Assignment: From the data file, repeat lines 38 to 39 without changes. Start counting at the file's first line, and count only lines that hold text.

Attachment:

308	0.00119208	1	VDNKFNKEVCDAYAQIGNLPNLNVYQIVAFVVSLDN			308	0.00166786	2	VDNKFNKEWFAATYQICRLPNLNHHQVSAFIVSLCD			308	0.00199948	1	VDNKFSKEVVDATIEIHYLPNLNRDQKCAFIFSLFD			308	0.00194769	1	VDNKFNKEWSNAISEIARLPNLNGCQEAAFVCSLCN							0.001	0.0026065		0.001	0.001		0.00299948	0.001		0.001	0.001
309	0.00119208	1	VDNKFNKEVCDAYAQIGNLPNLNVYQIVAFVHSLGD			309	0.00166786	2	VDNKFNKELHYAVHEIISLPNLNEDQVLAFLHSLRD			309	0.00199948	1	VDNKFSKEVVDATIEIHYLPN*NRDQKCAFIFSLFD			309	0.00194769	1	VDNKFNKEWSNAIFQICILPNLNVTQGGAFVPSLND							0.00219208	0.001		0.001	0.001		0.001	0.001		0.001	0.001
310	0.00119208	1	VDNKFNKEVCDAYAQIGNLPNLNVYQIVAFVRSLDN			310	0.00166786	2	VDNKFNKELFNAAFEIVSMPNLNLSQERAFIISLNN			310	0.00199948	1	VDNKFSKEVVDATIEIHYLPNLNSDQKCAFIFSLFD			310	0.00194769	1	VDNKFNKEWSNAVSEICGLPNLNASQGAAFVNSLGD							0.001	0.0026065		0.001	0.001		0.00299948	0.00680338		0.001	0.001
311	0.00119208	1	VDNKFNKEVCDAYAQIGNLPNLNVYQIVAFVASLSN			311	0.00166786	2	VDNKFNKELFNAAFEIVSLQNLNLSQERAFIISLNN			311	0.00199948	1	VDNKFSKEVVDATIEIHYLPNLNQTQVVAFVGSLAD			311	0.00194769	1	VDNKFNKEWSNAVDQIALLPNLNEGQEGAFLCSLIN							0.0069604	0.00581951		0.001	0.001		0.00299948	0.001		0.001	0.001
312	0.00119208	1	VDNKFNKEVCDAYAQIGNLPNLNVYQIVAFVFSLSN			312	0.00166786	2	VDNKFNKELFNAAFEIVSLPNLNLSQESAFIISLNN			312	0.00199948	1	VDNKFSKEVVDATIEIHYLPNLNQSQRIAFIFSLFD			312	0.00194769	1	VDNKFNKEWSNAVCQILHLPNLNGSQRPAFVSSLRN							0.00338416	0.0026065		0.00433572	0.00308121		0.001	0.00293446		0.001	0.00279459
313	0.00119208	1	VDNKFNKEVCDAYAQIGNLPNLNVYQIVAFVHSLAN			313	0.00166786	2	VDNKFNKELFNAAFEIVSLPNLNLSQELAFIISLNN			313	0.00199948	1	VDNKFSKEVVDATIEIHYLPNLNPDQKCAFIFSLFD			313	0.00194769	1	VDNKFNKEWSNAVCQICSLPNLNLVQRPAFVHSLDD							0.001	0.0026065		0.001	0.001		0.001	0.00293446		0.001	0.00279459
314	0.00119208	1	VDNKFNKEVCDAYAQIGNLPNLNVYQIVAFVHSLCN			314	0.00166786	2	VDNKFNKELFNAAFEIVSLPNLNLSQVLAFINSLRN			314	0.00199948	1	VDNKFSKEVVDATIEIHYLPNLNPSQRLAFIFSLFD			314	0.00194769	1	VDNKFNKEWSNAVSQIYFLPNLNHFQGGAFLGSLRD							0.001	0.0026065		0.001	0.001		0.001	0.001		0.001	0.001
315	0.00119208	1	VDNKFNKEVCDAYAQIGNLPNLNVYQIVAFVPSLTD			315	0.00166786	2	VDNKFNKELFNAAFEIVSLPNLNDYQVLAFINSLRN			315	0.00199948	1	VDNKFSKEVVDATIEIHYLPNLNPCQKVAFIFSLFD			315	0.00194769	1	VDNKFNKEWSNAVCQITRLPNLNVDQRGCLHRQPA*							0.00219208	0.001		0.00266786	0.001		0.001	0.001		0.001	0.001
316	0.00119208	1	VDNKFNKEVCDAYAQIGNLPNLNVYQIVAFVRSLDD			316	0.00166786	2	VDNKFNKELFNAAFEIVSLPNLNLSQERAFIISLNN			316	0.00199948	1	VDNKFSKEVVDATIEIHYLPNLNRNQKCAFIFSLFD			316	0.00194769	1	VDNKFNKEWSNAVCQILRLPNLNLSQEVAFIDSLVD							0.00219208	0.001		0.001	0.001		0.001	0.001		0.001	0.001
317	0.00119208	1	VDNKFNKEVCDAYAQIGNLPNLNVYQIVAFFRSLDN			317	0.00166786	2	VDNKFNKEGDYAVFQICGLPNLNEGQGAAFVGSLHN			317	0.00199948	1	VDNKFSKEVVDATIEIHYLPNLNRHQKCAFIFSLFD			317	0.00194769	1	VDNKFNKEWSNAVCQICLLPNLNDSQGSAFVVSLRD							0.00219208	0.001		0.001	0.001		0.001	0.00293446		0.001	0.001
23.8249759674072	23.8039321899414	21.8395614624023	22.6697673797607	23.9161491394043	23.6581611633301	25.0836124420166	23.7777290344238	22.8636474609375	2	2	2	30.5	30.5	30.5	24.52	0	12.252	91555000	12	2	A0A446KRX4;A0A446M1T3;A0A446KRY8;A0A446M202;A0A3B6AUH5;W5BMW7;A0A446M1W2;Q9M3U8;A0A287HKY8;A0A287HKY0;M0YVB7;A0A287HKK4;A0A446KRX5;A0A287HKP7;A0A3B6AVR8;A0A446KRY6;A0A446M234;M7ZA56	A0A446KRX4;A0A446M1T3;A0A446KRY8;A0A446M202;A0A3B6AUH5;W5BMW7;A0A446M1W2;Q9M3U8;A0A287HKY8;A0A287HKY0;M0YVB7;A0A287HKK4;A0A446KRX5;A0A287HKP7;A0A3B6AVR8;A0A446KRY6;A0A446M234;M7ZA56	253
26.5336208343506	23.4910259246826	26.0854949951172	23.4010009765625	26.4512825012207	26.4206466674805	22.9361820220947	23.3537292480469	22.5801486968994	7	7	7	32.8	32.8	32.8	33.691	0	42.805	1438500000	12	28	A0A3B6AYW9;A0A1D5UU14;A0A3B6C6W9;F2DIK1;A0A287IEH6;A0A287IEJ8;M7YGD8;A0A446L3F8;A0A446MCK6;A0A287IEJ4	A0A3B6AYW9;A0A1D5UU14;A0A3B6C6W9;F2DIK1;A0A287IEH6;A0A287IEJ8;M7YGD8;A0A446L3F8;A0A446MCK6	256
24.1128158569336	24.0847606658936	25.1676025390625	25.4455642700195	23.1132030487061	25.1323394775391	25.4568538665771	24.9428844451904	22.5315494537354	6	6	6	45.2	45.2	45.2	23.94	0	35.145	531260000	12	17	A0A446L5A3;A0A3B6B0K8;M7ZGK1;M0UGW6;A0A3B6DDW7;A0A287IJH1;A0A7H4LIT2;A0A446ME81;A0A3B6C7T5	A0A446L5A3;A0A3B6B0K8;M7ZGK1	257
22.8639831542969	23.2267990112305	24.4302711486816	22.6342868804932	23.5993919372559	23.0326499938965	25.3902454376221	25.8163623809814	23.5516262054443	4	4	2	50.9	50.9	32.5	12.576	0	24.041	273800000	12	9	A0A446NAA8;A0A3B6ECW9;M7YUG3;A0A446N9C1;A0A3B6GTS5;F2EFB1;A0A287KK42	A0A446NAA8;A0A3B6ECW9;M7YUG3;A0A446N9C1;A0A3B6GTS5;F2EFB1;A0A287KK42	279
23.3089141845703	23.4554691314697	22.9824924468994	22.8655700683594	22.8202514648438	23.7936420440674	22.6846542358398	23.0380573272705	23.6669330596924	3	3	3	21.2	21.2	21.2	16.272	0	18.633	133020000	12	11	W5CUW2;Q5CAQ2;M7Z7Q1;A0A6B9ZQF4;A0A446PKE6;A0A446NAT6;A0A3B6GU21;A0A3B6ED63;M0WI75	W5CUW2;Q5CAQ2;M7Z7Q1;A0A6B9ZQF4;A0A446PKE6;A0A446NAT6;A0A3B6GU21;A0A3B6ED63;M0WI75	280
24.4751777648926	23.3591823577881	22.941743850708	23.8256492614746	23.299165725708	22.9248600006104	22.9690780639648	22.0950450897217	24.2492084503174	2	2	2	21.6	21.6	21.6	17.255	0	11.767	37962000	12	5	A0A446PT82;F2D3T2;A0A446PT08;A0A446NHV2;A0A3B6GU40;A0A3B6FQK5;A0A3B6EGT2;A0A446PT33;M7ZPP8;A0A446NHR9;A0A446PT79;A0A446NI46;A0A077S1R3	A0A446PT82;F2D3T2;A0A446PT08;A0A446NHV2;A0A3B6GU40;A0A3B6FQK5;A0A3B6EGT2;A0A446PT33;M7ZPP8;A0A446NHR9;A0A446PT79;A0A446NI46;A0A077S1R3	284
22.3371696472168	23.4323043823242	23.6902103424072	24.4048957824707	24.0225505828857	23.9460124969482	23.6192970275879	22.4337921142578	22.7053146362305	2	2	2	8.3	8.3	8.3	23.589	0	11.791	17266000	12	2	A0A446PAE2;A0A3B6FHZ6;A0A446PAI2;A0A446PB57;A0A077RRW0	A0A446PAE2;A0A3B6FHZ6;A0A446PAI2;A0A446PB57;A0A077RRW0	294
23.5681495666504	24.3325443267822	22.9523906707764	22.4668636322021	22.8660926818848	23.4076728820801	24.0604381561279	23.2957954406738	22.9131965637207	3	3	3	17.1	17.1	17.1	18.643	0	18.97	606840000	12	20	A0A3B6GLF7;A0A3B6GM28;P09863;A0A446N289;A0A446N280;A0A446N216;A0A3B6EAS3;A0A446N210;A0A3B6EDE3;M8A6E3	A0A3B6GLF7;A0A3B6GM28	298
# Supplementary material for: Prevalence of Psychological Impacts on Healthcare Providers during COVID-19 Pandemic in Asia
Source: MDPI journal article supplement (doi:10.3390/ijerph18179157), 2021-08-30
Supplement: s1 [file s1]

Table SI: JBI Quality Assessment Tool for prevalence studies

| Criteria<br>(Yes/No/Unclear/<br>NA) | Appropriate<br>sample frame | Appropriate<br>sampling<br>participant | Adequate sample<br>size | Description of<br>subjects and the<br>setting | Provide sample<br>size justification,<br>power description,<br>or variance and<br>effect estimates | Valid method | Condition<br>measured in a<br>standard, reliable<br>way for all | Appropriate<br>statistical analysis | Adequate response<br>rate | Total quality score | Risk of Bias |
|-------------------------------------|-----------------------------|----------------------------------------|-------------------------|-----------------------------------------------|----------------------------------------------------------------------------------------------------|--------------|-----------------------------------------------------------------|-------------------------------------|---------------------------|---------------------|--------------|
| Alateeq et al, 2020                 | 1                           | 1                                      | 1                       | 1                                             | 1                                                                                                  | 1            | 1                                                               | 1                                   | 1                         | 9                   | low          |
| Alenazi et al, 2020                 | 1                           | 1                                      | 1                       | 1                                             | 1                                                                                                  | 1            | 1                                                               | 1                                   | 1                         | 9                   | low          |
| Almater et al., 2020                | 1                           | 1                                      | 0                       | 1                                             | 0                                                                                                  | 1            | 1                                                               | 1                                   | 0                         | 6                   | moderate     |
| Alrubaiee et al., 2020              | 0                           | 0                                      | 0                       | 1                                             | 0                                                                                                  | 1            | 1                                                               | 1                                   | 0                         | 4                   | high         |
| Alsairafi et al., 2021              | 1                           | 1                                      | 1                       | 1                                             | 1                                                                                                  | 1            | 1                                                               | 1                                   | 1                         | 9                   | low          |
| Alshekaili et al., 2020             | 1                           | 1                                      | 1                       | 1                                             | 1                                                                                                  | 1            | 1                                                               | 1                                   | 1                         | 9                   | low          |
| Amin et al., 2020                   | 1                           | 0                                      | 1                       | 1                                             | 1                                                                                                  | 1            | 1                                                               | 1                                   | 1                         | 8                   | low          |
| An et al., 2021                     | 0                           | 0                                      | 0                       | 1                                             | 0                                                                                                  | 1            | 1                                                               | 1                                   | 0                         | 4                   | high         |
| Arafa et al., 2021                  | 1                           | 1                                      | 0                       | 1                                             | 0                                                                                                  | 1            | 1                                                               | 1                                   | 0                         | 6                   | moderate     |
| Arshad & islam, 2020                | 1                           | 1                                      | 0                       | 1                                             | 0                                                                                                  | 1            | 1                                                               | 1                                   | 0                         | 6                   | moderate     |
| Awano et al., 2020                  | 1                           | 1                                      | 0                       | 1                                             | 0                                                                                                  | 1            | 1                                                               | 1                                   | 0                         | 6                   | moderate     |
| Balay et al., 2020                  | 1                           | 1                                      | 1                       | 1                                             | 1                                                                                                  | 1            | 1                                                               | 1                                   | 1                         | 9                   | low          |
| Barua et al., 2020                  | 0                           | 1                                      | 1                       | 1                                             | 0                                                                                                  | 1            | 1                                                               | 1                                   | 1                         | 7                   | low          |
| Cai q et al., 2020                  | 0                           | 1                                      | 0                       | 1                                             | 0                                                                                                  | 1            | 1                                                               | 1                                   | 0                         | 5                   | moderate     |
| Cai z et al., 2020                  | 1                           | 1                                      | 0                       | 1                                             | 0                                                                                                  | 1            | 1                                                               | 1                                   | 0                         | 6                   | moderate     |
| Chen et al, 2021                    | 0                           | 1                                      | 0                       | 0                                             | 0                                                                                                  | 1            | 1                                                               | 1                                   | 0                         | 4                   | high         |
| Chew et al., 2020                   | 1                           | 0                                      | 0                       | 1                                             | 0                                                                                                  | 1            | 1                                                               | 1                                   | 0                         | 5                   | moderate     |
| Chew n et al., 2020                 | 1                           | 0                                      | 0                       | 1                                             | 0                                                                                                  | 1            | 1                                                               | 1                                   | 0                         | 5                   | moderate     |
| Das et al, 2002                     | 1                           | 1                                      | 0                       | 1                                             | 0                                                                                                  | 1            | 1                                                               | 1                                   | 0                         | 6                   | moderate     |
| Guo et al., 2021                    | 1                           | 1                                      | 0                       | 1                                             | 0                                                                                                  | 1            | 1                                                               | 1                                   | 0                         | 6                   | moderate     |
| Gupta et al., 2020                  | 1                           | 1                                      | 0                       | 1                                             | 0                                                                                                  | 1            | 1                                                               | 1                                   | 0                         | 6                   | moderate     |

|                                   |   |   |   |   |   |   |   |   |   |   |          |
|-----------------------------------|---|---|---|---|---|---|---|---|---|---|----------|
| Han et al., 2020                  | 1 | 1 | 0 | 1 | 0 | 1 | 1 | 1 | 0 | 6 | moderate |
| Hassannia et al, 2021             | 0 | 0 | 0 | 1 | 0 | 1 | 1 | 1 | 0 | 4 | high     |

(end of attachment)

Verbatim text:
| Cai q et al., 2020                  | 0                           | 1                                      | 0                       | 1                                             | 0                                                                                                  | 1            | 1                                                               | 1                                   | 0                         | 5                   | moderate     |
| Cai z et al., 2020                  | 1                           | 1                                      | 0                       | 1                                             | 0                                                                                                  | 1            | 1                                                               | 1                                   | 0                         | 6                   | moderate     |